BOYS IN KAIAK, Nunivak, 1927 by Edward Curtis. In Volume 20, pages 11-13 of The North American Indian, Plate 690: "The kaiak (kaíyuh) is the most important craft of many of the Alaskan Eskimo, for by means of it the livelihood of the people is chiefly obtained. Men transport themselves from one hunting camp to another in the kaiak; from it they fish, spear waterfowl, and pursue seal and walrus. Almost as soon as a boy can walk, he learns to paddle and maneuvers this small but efficient craft.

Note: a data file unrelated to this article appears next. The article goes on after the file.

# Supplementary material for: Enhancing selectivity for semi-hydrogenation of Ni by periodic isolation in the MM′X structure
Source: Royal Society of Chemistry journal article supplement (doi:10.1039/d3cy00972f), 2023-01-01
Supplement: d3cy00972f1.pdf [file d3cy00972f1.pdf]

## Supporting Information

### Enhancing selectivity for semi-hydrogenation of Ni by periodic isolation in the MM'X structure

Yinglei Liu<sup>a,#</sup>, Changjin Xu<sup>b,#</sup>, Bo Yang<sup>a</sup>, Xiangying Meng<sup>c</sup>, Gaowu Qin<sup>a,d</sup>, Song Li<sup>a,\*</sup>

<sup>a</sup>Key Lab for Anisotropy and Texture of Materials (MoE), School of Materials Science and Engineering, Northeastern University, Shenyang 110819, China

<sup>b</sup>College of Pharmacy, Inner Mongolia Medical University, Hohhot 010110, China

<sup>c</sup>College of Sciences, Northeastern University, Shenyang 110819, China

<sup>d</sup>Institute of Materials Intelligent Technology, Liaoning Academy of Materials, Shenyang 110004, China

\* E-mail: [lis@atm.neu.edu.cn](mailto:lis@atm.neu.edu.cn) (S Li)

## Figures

New kaiaks are made in late winter or in early spring during the season of Qígītánīt ("Mother of Rivers" -when rivers begin to open up). Their construction takes place with ceremony in the men's house, usually under the supervision of some old man well skilled in boat-making. The men measure and cut each individual part of the wooden frame according to a prescribed system based on the length of various members of the body or a combination of such members. Thus each man's kaiak is built according to the specifications of his own body and hence is peculiarly fitted to his use."
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